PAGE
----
5. 5. Hormone replacement therapy or selective Genetic counsellingestrogen receptor modulator therapy is strongly Genetic counselling should be offered to therecommended in postmenopausal women with parents of a child with OI who plan to haveOI. subsequent children. During genetic counselling,Some data show that growth hormone might be the possibility that the parents may harbor newuseful in combination with bisphosphonates. mutations, such as asymptomatic somatic andParathyroid hormone as a potent bone anabolic germline mosaicism, needs to be discussed.agent could be a candidate for treating OI but Parents need special instructions in positioningboth regimens remain to be tested. the child in the crib and handling the child with the least possibility of causing fractures. UprightVitamin D and calcium supplements sitting in infants younger than 1 year should beThe measures taken to protect patients with OI discouraged in order to decrease developmentfrom trauma and the repeated immobilizations of basilar impression later in life. Hip-knee-ankle-required by the fractures often result in vitamin D foot orthosis helps early achievement of uprightand calcium deficiency in children and adults. activity.Prophylactic supplementation is in order, withdosages of about 500 to 1000 mg of calcium and References400 to 800 IU of vitamin D. 1. Apert E., Les hommes de verre. Presse M 51 (1928), pp. 805-808.Analgesics 2. Lobstein J., Von der Knochenbreichigkeit oderPain is common and should receive adequate Osteopsathyrose. In: Lehrbuch derattention. Bone pain responds well to Pathologischen Anatomie (Bd 2 ed.),, Brodhag,bisphosphonate therapy (24,26,29). Other Stuttgart (1835), pp.179-179.causes of pain include deformities and 3. Porak C. and Durante G., Les microméliesdegenerative lesions, both of which are congénitales: achondroplasie et dystrophiecommon: in this situation, the treatment is périostale. Nouv Iconogr Salpêt 18 (1905), pp.symptomatic. 481-538. 4. Sillence D., Senn A. and Danks D., GeneticCell and gene therapies as potential treatments heterogeneity in osteogenesis imperfecta. J Medfor OI are currently actively investigated. The Genet 16 (1979), pp. 101-106.design of gene therapies for OI is however 5. Sillence D., Osteogenesis imperfecta: ancomplicated by the genetic heterogeneity of the expanding panorama of variants. In: ClinOrthopdisease and by the fact that most of the OI 159 (1981), pp. 11-25.mutations are dominant negative where the 6. Leidig-Bruckner G. and Grauer A., Bluemutant allele product interferes with the function sclerae in osteogenesis imperfecta. N Engl J Mof the normal allele. Major obstacles result from 339 (1998), pp. 966-966.the presence of abnormal collagen molecules. 7. Beighton P. and Versfeld G., On theTechniques based on marrow stem cells are paradoxically high relative prevalence ofunder investigation. osteogenesis imperfecta type III in the Black population of South Africa. Clin Genet 27 (1985),Orthopedic treatment pp. 398-401.Orthopedic treatment remains indispensable in 8. Glorieux F., Bishop N., Travers R., RoughleyOI. A careful preoperative evaluation with special P., Chabot G., Lanoue G. et al., Type Vattention to lung function is essential in types III osteogenesis imperfecta. J Bone Miner Res 12and IV. In children, rodding surgery is well Suppl 1 (1997), pp.389-389.standardized (reviewed in 30, 31). The treatment 9. Brumsen C., Hamdy N. and Papapoulos S.,of spinal deformities varies with the angle of the Long-term effects of bisphosphonates on thescoliosis (31). After a fracture or a surgical growing skeleton. Studies of young patients withprocedure, prolonged immobilization should be severe osteoporosis. Medicine 76 (1997), pp.avoided: rehabilitation therapy should be started 266-283.early, and the healthcare staff reassured that the 10. McAllion S. and Paterson C., Causes ofrehabilitation program is designed to reduce the death in osteogenesis imperfecta. J Clin Patholrisk of further fracturing. In children and adults, 49 (1996), pp. 627-630.the goal of fracture management should be to 11. Widmann R., Bitan F., Laplaza F., Burke S.,restore the patient to self-sufficiency as DiMaio M. and Schneider R., Spinal deformity,completely and rapidly as possible. pulmonary compromise, and quality of life inChevrel G; Osteogenesis imperfecta. Orphanet encyclopedia, June 2004.http://www.orpha.net/data/patho/GB/uk-OI.pdf 5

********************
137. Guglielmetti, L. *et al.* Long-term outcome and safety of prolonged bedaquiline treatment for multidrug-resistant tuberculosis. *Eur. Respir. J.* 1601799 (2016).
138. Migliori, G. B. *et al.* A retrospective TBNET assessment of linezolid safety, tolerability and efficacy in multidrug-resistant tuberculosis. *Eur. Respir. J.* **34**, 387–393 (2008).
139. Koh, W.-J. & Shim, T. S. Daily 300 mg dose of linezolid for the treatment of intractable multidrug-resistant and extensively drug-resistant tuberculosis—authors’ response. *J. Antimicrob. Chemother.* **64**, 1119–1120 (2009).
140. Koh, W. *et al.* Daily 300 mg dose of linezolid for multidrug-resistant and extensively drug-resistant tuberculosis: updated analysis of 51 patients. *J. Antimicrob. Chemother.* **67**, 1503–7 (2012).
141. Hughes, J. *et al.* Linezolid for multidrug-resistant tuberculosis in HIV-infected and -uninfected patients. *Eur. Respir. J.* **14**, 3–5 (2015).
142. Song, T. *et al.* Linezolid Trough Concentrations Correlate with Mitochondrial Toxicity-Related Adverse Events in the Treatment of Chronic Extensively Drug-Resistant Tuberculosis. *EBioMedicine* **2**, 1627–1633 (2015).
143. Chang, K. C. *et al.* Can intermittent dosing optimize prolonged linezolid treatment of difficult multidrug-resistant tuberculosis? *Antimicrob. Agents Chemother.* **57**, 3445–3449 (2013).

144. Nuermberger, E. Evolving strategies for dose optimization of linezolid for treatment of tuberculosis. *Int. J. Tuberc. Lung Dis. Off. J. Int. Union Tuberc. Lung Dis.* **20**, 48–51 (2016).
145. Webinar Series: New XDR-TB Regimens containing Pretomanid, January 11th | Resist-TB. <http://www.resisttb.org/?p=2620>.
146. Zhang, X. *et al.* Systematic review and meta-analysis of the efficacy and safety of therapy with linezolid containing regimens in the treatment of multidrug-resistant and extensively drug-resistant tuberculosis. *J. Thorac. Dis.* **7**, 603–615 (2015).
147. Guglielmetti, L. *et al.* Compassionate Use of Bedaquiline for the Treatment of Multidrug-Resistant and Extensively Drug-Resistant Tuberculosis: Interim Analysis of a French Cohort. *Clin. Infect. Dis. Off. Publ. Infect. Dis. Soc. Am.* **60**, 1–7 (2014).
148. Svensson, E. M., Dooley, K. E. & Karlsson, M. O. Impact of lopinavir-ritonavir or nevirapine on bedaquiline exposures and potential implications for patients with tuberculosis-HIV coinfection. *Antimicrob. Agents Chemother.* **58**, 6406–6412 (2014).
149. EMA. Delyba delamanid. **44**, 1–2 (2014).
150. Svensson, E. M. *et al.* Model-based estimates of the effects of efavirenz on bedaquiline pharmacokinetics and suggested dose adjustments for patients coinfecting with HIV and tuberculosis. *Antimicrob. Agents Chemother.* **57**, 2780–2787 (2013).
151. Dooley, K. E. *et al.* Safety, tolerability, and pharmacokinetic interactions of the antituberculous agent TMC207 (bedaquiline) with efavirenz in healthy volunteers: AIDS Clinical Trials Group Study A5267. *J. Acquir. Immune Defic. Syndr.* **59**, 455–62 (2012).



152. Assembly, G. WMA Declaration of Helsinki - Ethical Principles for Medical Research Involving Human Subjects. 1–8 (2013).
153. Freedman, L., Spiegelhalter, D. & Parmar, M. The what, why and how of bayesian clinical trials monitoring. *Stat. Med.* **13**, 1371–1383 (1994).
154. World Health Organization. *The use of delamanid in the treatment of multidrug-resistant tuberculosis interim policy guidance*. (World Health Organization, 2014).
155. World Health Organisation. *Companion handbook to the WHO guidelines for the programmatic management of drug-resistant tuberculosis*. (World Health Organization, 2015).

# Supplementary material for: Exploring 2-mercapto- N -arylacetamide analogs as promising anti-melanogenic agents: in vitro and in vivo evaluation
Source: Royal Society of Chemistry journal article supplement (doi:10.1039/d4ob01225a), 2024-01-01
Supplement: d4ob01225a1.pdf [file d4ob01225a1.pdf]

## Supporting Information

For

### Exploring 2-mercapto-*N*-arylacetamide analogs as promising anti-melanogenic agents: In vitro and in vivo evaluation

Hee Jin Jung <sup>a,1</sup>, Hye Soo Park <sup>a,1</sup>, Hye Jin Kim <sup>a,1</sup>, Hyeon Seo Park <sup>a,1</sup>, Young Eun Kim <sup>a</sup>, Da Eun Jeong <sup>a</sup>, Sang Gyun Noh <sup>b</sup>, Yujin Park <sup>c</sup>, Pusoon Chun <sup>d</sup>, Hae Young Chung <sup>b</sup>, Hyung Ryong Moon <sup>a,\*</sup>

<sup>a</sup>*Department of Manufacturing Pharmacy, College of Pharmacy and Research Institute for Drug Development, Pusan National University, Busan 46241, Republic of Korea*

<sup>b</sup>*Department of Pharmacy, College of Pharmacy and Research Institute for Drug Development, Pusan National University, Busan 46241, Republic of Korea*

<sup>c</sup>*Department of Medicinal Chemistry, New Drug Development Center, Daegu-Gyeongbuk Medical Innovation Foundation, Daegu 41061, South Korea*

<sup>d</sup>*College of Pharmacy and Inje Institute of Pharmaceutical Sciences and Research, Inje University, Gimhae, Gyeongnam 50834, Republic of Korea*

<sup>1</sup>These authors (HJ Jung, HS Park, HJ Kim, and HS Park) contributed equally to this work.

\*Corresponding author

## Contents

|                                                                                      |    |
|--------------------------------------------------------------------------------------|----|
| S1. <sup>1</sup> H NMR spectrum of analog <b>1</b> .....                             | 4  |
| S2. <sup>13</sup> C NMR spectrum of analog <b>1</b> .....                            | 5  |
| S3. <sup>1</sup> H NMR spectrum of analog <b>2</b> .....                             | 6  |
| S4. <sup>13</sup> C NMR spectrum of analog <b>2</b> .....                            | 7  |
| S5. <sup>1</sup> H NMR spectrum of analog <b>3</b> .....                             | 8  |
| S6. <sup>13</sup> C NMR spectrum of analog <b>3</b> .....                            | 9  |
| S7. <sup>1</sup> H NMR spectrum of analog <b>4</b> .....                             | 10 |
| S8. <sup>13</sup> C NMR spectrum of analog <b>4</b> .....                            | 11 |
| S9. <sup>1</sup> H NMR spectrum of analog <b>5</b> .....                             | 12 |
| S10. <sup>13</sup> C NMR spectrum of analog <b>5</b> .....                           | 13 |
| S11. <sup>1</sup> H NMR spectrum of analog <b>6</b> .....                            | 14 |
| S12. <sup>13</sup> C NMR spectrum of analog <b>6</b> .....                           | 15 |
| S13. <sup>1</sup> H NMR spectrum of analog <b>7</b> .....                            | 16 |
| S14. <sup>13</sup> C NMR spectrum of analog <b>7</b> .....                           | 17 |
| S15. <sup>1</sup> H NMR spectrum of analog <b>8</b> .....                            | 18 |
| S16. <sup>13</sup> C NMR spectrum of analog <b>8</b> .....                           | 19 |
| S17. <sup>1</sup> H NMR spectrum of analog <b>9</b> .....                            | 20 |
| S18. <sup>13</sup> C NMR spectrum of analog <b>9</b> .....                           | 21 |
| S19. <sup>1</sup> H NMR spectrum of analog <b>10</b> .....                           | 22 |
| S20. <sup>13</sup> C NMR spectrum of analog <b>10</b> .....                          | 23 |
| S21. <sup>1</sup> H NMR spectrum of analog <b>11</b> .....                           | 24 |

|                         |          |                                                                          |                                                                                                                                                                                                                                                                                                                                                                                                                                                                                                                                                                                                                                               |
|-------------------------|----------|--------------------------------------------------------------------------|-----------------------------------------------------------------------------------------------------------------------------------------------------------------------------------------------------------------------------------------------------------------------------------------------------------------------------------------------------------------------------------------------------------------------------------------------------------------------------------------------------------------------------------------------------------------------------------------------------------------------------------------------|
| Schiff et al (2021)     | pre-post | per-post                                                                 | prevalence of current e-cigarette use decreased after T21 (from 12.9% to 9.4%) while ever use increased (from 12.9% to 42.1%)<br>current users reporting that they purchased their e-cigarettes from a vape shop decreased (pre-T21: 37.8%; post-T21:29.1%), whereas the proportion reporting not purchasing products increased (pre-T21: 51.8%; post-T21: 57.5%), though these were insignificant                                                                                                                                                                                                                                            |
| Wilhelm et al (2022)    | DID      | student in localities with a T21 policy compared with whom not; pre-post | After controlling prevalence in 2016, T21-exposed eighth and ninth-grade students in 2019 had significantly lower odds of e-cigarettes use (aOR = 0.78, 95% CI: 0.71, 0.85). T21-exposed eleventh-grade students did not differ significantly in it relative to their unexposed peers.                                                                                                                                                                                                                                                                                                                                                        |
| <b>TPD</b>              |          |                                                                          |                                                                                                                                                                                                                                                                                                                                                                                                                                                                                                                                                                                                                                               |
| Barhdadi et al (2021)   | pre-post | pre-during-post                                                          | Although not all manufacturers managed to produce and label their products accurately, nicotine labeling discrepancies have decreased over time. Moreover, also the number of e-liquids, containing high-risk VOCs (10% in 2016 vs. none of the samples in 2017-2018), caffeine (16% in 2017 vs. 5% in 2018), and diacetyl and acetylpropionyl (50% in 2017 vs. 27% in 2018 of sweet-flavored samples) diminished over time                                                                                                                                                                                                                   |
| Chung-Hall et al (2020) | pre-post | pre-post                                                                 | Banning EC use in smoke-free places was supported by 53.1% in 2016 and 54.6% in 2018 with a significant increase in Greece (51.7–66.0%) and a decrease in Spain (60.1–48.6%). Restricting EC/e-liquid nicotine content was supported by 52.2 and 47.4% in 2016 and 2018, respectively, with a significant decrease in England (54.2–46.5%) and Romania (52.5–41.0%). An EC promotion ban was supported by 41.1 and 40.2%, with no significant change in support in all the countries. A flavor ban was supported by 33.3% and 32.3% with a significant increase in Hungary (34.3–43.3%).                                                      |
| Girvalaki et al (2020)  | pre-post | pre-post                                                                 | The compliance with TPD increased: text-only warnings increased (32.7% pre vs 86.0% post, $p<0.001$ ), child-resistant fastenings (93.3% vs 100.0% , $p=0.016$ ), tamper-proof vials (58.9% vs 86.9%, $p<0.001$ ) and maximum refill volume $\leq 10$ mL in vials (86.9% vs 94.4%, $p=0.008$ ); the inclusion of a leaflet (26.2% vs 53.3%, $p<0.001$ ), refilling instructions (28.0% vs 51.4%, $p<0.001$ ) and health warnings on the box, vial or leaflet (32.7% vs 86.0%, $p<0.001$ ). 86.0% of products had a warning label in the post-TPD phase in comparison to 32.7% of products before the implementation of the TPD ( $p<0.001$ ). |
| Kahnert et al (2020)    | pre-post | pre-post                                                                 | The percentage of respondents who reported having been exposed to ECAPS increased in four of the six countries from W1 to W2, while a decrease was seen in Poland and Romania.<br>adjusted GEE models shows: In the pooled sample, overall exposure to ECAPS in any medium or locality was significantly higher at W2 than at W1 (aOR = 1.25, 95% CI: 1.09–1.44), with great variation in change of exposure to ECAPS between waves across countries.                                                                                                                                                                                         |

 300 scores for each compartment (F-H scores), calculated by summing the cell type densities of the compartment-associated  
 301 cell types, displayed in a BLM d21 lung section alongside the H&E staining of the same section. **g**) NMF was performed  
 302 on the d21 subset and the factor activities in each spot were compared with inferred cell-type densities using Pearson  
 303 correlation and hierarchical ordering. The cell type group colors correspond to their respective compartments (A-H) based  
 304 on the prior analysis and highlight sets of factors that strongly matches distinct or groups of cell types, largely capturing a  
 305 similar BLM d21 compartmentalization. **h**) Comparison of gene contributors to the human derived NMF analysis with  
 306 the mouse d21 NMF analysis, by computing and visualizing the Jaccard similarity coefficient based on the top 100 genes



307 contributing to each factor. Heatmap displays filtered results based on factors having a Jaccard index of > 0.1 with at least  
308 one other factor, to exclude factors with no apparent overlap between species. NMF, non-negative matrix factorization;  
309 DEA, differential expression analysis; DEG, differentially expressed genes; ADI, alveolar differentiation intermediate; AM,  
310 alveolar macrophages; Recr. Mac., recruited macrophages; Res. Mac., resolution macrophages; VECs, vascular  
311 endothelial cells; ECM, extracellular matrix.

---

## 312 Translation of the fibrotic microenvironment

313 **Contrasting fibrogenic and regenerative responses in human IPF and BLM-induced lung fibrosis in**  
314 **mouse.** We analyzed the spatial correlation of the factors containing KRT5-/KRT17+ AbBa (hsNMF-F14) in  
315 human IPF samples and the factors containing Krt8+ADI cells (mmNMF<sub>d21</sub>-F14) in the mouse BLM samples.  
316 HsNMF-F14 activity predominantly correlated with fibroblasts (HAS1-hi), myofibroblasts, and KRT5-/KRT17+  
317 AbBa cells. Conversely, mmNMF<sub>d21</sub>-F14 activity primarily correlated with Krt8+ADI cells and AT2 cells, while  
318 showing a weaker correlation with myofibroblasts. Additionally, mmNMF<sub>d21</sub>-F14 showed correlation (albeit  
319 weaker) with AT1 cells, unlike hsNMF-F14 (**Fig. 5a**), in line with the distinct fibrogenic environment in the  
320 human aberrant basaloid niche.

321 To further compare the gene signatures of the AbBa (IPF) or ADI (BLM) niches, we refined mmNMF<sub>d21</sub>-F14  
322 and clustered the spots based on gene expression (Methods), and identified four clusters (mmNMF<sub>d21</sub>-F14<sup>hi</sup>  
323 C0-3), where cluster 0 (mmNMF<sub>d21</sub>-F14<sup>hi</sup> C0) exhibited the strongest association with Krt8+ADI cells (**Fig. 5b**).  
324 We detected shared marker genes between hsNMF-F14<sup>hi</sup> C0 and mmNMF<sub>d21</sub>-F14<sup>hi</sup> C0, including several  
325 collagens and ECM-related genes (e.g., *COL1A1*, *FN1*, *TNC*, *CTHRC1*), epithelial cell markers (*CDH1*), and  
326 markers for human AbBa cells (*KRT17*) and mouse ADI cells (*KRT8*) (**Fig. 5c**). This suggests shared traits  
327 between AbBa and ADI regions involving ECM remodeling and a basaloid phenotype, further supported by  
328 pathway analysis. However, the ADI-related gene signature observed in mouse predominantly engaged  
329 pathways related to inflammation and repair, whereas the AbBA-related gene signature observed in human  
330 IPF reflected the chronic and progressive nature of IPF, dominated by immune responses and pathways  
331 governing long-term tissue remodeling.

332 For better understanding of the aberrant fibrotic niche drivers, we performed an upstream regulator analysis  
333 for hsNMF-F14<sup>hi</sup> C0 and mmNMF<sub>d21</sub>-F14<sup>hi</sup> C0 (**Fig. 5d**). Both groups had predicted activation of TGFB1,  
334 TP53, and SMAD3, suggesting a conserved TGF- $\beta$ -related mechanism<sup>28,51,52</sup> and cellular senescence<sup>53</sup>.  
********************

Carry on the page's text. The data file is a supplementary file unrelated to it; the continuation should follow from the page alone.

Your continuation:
6. 6. osteogenesis imperfecta. Spine 24 (1999), pp. 23. Cepollaro C., Gonnelli S., Pondrelli C.,1673-1678. Montagnani A., Martini S., Bruni D. et al.,12. Sawin P. and Menezes A., Basilar Osteogenesis imperfecta: bone turn-over, boneinvagination in osteogenesis imperfecta and density, and ultrasound parameters. Calcifrelated-osteochondrodysplasias: medical and Tissue Int 65 (1999), pp. 129-132.surgical management. J Neurosurg 86 (1997), 24. Glorieux F., Bishop N., Plotkin H., Chabot G.,pp. 950-960. Lanoue G. and Travers R., Cyclic administration13. Kuivaniemi H., Tromp G. and Prockop D., of pamidronate in children with severeMutations in fibrillar collagens (type I, II, III, XI), osteogenesis imperfecta. N Engl J M 339 (1998),fibril-associated collagen (type IX), and network- pp. 947-952.forming collagen (type X) cause a spectrum of 25. Shapiro J.R., Copley C., Goldsborough D.,diseases of bone, cartilage, and blood vessels. Gelman R. and Barnhart K., Effect ofHuman Mutat 9 (1997), pp. 300-315. pamidronate on bone turnover and IGF-I in type I14. Coppin C. and Eeckhout Y., Lostéogenèse osteogenesis imperfecta. JBone Min Res 10imparfaite: des mutations aux phénotypes. (1995), pp. 604-604.Médecine/Sciences 11 (1995), pp. 853-859. 26. Aström E. and Söderhäll S., Beneficial effect15. Paterson C. and Moles P., Bone density in of bisphosphonate during five years of treatmentosteogenesis imperfecta may well be normal. of severe osteogenesis imperfecta. ActaPostgrad Med J 70 (1994), pp. 104-107. Paediatr 87 (1998), pp. 64-68.16. Davie M. and Haddaway M., Bone mineral 27. Verhaeghe P, Editor, Lostéogenèsecontent and density in healthy subjects and in imparfaite, maladie des os de verre, Éditionsosteogenesis imperfecta. Arch Dis Child 70 Frison-Roche, Paris (1999).(1994), pp. 331-334. 28. Paterson C., McAllion S. and Stellman J.,17. Glorieux F., Lanoue G., Chabot G. and Osteogenesis imperfecta after the menopause.Travers R., Bone mineral density in N Engl J M 310 (1984), pp. 1694-1696.osteogenesis imparfecta. J Bone Min Res 9 29. Plotkin H., Rauch F., Bishop N., Montpetit K.,(1994), pp. 225-225. Ruck-Gibis J., Travers R. et al., Pamidronate18. Zionts L., Nash J., Rude R., Ross T. and treatment of severe osteogenesis imperfecta inStott N., Bone mineral density in children with children under 3 years of age. J Clin Endocrinolmild osteogenesis imperfecta. J Bone Joint Surg Metab 85 (2000), pp. 1846-1850.77B (1995), pp.143-147. 30. Finidori G., Ostéogenèse imparfaite.19. Chines A., Petersen D., Schranck F. and Indications thérapeutiques chez lenfant. In:Whyte M., Hypercalciuria in children severely Conférences denseignement 1988. Cahieraffected with osteogenesis imperfecta. J Pediatr denseignement de la SOFCOT n° 31,119 (1991), 51-57. Expansion Scientifique Française, Paris (1988),20. Chines A., Boniface A., McAlister W. and pp. 327-345.Whyte M., Hypercalciuria in osteogenesis 31. Fassier F., Ostéogenèse imparfaite deimperfecta: a follow-up study to assess renal lenfant. In: Conférences denseignement 1999.effects. Bone 16 (1995), pp.333-339. Cahier denseignement de la SOFCOT,21. Minisola S., Lina-Piccioni A., Rosso R., Expansion Scientifique Publications, ParisRomagnoli E., Pacitti M., Scarnecchia L. et al., (1999), pp. 235-252.Reduced serum levels of carboxy-terminal 32. Rauch F., Glorieux F.H. Osteogenesispropeptide of human type I procollagen in a imperfecta. Lancet 363 (2004), 1377-1385.family with type I-A osteogenesis imperfecta. 33. Niyibizi C., Wang S., Mi Z., Robbins P.D.Metabolism 42 (1994), pp. 1261-1265. Gene therapy approaches for osteogenesis22. Lund A., Hansen M., Kollerup G., Juul A., imperfecta. Gene Therapy 11 (2004), 408-416.Teisner B. and Skovby F., Collagen-derived 34. Engelbert R.H., Pruijs H.E., Beemer F.A.,markers of bone metabolism in osteogenesis Helders P.J. Osteogenesis imperfecta inimperfecta. Acta Paediatr 87 (1998), pp. 1131- childhood: treatment strategies. Arch Phys Med1137. Rehabil 79 (1998), 1590-1594.Chevrel G; Osteogenesis imperfecta. Orphanet encyclopedia, June 2004.http://www.orpha.net/data/patho/GB/uk-OI.pdf 6